Seriously diversity, this country is more diverse than any other country! More than 1 million immigrants come to the USA every year?! And this does not include illegal immigrants. Hmm, I wonder why would minorities would want to come to America if it’s a systematic racism?? Wait didn’t we have a black President for 8yrs!?

I’m not rich, and I live in Palo Alto. But I’ve worked hard to earn what I have.

Everything you “woke” individuals touch, you destroy. Including, a once beautiful Palo Alto City.


Resident 1-Adobe Meadows
Adobe-Meadow
on Jul 6, 2020 at 1:33 pm
Resident 1-Adobe Meadows, Adobe-Meadow
on Jul 6, 2020 at 1:33 pm
11 people like this

I always read the Real Estate Section of the paper to check up on the houses sold section - it gives the address, purchase price, previous owner and new owner. That is a public record. If you all would take the time to check out the transactions that are taking place you will note the names - Asian, Indian, etc. And lots of trusts to trust transactions. You then can judge what the current situation is and where the high price and lower price homes are selling and to whom. We do not have any lower price homes so that race is on for the higher price homes. We are a fair market for who ever can pay the price.


Alice Schaffer Smith
Downtown North
on Jul 9, 2020 at 10:51 am
Alice Schaffer Smith, Downtown North
on Jul 9, 2020 at 10:51 am
6 people like this

While in private practice in Palo Alto and active with Midpeninsula Citizens for Fair Housing, I had a client who had been told the apartment had been let, so I sent in MPCFH black couple and white couple. We found the apartment available for one and not the other. My client (a) obtained her apartment (b) $5000 in damages (this was in 1978, so that was hefty) and a written apology. That was hardly compensation for the humiliation but it opened a dialogue.

In West Hartford CT the restrictive covenants surrounding the house my parents bought prevented Jews from buying. On the southwest side of West Hartford there were 4 Jewish families and on the north side of town huge numbers because there were no restrictive covenants. This was in the 1940s. Not a proud history.


Sad memories
Crescent Park
on Jul 9, 2020 at 11:56 am
Sad memories, Crescent Park
on Jul 9, 2020 at 11:56 am
4 people like this

I can believe the discrimination described based on some of my parents' experiences when we moved to the US in the early 80's.  We are white (as was the neighborhood), though my parents' accent and (at the time) broken English was impossible to conceal. When my parents were visiting houses to rent in Philadelphia my mother felt insulted whenever an agent would try to instruct her on how to flush the toilet.  Some of the discrimination experienced was less subtle however.  For instance, after multiple slashed tires, we had to stop parking our car in the alley behind our house.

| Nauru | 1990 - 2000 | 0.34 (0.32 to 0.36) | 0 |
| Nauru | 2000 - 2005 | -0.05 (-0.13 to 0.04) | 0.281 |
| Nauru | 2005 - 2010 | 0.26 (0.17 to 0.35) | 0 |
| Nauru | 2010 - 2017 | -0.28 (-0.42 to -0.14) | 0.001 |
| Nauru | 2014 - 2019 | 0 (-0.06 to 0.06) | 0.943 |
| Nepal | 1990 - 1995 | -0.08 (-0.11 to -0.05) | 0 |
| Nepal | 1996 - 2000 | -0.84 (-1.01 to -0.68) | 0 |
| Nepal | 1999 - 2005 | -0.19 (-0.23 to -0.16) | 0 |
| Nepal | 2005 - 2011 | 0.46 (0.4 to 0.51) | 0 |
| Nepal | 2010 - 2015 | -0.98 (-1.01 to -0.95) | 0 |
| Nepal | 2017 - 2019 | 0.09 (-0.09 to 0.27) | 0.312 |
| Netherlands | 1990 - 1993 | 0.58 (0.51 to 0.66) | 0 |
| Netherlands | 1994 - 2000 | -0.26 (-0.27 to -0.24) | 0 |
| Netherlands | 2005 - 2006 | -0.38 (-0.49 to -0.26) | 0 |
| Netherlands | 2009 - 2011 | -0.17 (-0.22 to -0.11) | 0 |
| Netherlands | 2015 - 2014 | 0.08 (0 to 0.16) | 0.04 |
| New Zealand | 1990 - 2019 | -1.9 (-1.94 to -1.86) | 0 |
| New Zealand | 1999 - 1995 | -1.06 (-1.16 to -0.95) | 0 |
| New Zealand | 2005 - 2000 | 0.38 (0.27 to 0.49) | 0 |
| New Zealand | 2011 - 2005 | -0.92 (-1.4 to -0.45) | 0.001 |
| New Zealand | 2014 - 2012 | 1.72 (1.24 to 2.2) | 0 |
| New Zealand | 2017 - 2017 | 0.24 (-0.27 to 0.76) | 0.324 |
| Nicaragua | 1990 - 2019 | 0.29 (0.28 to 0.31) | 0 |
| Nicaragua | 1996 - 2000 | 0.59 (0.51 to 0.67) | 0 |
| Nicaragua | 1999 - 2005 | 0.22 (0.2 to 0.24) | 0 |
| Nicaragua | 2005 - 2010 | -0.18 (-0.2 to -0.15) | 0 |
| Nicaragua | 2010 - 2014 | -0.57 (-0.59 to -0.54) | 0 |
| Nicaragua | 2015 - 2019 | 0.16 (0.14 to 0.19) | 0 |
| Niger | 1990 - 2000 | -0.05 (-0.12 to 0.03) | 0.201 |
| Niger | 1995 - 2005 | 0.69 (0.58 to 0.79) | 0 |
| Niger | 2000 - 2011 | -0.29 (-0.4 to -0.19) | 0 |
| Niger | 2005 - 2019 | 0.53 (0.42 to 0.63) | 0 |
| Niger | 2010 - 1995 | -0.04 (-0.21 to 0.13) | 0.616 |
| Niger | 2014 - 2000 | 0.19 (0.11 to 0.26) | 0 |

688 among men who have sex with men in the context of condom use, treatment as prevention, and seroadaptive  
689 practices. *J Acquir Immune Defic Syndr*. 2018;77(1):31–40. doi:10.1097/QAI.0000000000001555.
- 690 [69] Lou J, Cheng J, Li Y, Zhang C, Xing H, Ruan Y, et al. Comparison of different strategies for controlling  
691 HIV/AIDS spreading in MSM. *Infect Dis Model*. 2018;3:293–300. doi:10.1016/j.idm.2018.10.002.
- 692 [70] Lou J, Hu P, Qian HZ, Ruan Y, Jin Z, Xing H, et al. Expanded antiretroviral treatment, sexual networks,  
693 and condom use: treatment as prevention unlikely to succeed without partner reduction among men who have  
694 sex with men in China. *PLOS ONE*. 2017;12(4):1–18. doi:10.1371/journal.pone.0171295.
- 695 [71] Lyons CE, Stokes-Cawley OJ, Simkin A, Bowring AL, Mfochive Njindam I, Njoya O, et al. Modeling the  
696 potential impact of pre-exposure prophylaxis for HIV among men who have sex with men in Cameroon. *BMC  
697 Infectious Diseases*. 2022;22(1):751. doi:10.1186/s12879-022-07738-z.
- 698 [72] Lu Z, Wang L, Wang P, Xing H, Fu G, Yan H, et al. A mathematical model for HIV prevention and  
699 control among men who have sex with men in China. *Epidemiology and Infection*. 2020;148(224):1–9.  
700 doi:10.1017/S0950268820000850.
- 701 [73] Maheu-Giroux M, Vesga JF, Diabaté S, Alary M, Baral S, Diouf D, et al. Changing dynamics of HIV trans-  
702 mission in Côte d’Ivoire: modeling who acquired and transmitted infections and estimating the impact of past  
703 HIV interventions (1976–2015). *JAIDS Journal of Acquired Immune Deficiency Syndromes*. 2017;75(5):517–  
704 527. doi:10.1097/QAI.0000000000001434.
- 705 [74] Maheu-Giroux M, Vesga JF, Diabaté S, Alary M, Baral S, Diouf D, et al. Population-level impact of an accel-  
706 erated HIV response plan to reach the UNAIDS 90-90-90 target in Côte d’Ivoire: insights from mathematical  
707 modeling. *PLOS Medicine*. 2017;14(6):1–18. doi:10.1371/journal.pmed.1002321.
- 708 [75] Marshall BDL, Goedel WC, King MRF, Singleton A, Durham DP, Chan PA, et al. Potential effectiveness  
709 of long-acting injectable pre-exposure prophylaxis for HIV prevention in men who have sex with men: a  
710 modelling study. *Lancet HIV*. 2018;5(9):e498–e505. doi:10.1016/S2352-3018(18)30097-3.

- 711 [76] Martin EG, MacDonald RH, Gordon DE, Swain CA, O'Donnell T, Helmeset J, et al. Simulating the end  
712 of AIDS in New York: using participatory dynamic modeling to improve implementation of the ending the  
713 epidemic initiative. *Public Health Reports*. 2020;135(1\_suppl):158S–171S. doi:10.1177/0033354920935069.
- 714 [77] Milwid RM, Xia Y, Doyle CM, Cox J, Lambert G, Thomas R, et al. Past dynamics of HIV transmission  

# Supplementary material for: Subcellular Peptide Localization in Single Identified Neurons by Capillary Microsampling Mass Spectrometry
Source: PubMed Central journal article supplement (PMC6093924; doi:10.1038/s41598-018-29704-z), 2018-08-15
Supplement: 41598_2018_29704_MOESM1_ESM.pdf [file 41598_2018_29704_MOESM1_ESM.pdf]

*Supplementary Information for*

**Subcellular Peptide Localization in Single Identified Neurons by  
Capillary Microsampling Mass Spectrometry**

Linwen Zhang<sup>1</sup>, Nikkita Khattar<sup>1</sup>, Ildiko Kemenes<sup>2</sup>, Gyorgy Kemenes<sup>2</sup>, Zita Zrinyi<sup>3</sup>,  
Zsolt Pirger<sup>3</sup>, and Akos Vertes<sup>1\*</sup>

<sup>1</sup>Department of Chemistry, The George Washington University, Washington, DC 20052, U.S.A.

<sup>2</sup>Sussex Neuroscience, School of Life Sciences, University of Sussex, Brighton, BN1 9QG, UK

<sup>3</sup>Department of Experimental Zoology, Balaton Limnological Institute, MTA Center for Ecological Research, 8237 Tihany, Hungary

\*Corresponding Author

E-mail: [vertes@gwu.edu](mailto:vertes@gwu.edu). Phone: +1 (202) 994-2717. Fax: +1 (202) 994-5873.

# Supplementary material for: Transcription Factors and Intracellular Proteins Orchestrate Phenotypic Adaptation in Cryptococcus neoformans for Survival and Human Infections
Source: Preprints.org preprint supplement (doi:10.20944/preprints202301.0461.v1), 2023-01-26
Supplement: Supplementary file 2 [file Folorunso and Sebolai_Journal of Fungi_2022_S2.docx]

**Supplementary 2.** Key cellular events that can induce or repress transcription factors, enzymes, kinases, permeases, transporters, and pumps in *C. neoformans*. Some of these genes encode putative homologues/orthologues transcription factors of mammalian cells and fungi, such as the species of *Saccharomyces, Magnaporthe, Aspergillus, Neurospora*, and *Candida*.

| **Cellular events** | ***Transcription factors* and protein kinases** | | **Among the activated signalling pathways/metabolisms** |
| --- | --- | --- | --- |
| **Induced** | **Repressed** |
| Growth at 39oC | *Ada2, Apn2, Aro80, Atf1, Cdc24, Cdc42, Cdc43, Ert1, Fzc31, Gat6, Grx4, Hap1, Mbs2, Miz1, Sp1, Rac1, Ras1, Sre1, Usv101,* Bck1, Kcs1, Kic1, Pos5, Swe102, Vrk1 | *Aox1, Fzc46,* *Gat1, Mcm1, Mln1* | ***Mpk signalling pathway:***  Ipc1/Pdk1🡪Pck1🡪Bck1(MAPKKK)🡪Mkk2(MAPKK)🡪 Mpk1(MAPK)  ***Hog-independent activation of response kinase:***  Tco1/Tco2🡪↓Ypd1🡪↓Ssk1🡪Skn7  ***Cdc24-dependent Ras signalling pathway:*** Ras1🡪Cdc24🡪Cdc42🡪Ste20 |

Thank you, Joe Eichler.
Another Palo Alto neighborhood
on Jul 9, 2020 at 12:08 pm
Thank you, Joe Eichler., Another Palo Alto neighborhood
on Jul 9, 2020 at 12:08 pm
8 people like this

As a resident of an Eichler neighborhood, it's important to point out that the presence of black families in Eichler neighborhoods had no negative effects whatsoever. They've have been great neighbors. I'm glad Joe Eichler stood his ground.

In the late 80's I (a young white female executive then) was dating an accomplished, well-educated, and very sweet black man, also an executive. I had to move for a promotion, and we took turns traveling between cities on the weekends to see each other.

The company I worked for hired a realtor to help me find an apartment in Pittsburgh, PA. She sent me a long sheet of listings to visit one weekend when he happened to be with me, When she arrived to show us the apartments and saw him, she pulled me aside and said, "Does he live with you?" I explained the situation, and she disappeared for a few minutes to make some phone calls. She cancelled more than half of our appointments. I was completely floored. My partner, by comparison, was completely unsurprised. I spoke with my supervisor (who appeared surprised that I would date a black man when I shared the experience) and explained I wanted to work with another realtor. My employer would not comply because they had a contract with her to handle their relocations, so I opted to search on my own.

The experience was an eye opener for me. At some level I understood that these things happened, but I had never understood how hidden and pervasive the problem was and is--nor how difficult and painful it is to be on the receiving end of such behavior. It was an inauspicious beginning to my tenure in that city. I left the company to find an organization that was more aligned with my values after one year, going back to my hometown. My landlord was sorry to see me go. We'd been great tenants.

I'm no longer with Mark, but we are still good friends. I want the world to be better for him and his family. It makes me sad that in 2020 this is STILL a problem. We can do better. We must.


Green Gables
Duveneck/St. Francis
on Jul 9, 2020 at 12:15 pm
Green Gables, Duveneck/St. Francis
on Jul 9, 2020 at 12:15 pm
Like this comment

Jeff Dauber - e-mail the City Council and copy the City Manager about Ventura. You may get some action from the City Council.